Critics can say what they like about the rise in status of the food industry in our society, to my mind it has given voice to some of the most dangerous people on the planet; chefs, cooks and farmers. They’ve turned us on to new tastes, brought us back into the kitchen, championed Slow Food and local produce. All the while many of them have been sounding a call to action, blocking GMO seeds, refusing to serve endangered species and going head-to-head with corporate backed policy makers in support of good health and lowering obesity levels.
“Many kids can tell you about drugs but do not know what celery or courgettes taste like.” ~ Jamie Oliver
Those who tend the earth know well the connection between nature and man and how generously she feeds us. It’s folly to allow such a delicate system to fall out of balance, but scales have swung and we find ourselves now, on the precipice of change.
“First we sow the seed, nature grows the seed and then we eat the seed.” – Neil Young
Young people take to the streets, they wave signs and chat slogans in a peaceful protest of a system spun out of control. In the organic, fluid “Occupy Wall Street” movement there is an underlying theme that is about more than economics it’s about our ability to thrive and GROW.
Those who protest are being joined in great number, both in body and spirit, old and young in a cry for change. Let’s not forget how deep the rabbit hole goes, corporations have been taking over our family farms and messing with our food chain right down to its DNA. And if you think that one person can’t make a difference consider how all this started; with a young Tunisian man named Mohammed Bouazizi who used to sell fruit and vegetables.
“Control the food and you control the people.” ~ Henry Kissinger
Maybe you’re not the march in the streets type, maybe you choose to make simple adjustments in your everyday life to effect change and take your food back: Occupy a Farmer’s Market. Occupy locally owned restaurants. Occupy your kid’s lunchbox. Occupy the garden.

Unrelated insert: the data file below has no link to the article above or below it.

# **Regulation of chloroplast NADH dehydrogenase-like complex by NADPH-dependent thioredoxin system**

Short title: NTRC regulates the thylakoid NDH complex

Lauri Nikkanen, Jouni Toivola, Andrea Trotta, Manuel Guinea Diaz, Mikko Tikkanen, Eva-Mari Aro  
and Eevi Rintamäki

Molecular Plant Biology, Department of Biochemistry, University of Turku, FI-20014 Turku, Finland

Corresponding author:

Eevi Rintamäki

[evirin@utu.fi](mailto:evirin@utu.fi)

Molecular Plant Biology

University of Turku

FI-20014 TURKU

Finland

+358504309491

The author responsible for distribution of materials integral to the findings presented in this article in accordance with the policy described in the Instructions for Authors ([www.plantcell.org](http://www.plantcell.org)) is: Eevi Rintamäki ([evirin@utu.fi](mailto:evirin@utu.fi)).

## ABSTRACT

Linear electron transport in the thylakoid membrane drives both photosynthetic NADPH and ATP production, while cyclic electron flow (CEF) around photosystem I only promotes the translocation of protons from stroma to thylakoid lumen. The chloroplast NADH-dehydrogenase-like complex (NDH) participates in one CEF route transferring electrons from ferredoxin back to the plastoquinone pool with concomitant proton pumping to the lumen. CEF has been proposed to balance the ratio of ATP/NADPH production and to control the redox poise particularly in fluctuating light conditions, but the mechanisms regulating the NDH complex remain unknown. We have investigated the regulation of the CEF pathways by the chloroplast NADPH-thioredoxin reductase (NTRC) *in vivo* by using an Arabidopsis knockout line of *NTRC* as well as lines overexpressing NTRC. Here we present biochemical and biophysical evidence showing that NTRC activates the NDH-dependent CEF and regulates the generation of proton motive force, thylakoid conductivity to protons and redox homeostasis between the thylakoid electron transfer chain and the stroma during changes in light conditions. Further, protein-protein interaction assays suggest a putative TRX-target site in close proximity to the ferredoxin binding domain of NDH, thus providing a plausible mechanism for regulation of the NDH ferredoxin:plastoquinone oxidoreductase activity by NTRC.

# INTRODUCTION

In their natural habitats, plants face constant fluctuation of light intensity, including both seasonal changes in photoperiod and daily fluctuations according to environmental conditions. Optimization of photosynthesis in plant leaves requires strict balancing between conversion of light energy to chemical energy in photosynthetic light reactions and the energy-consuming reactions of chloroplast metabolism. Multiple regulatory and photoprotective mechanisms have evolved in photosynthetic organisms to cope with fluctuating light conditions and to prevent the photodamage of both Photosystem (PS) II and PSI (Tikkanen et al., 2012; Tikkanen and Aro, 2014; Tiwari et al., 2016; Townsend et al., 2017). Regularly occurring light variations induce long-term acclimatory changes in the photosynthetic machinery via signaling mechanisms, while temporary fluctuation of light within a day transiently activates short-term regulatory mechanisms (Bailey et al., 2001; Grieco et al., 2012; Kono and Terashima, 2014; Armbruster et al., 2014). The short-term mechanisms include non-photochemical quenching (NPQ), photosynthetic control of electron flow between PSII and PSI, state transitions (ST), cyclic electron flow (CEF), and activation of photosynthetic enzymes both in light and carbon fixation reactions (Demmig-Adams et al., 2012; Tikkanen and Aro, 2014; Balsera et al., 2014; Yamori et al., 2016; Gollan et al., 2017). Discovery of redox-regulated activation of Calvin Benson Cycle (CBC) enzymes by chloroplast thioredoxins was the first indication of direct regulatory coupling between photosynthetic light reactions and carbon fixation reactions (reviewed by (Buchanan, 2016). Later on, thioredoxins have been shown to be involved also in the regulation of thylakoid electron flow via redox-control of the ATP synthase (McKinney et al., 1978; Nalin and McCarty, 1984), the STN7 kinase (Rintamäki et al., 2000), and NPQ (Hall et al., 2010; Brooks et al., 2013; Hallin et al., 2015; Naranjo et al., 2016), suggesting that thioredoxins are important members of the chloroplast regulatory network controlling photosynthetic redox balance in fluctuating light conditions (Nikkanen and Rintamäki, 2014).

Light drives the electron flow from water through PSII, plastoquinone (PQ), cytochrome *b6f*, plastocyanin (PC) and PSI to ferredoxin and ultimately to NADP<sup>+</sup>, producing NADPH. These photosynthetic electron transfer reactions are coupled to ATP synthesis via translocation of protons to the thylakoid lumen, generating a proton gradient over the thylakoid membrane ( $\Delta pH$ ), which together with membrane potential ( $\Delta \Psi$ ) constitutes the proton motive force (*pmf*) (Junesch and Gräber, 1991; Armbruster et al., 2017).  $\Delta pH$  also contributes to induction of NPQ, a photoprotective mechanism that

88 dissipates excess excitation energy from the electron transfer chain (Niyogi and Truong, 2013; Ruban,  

In an act of solidarity, I seed a garden that is not my own. Mine for a time, I can see the fingerprints of those before me who have loved this dirt. The heritage property I live in was first built in 1880, it has seen fire and change; all around it urban development spreads taking over what once was farm land.
I began with a little corner outside my door, it was bare mud until I planted it with shrubs, herbs and flowers. At first others thought I was crazy, “why are you doing all that work, you don’t own it.” Then my garden began to bloom. Soon neighbors joined in, some working with me others claiming space for themselves and their family. Every day I see it unfolding into something new.
Now I dig in the backyard, clearing a long overgrown space. Once the foundation for the barn, it has solid structure to protect tender shoots. This little patch of earth will favour our meals and be a place of beauty for our little community.
A garden left untended falls to nature and she does what she does best, runs wild. This garden once grew herbs. I found them struggling under rocks and ranging feral across the dirt floor. Pulling weeds and cutting back invading species, Mother Nature and I strike a bargain. She will foster what I sow, but if I walk away she will take it back, the way she always does and make my Secret Garden her own.
“The garden suggests there might be a place where we can meet nature halfway.” ― Michael Pollan
This is how I protest. Later, in an act of rebellion I shall make dinner with organic ingredients. In her day, my grandmother called organic produce ‘food’.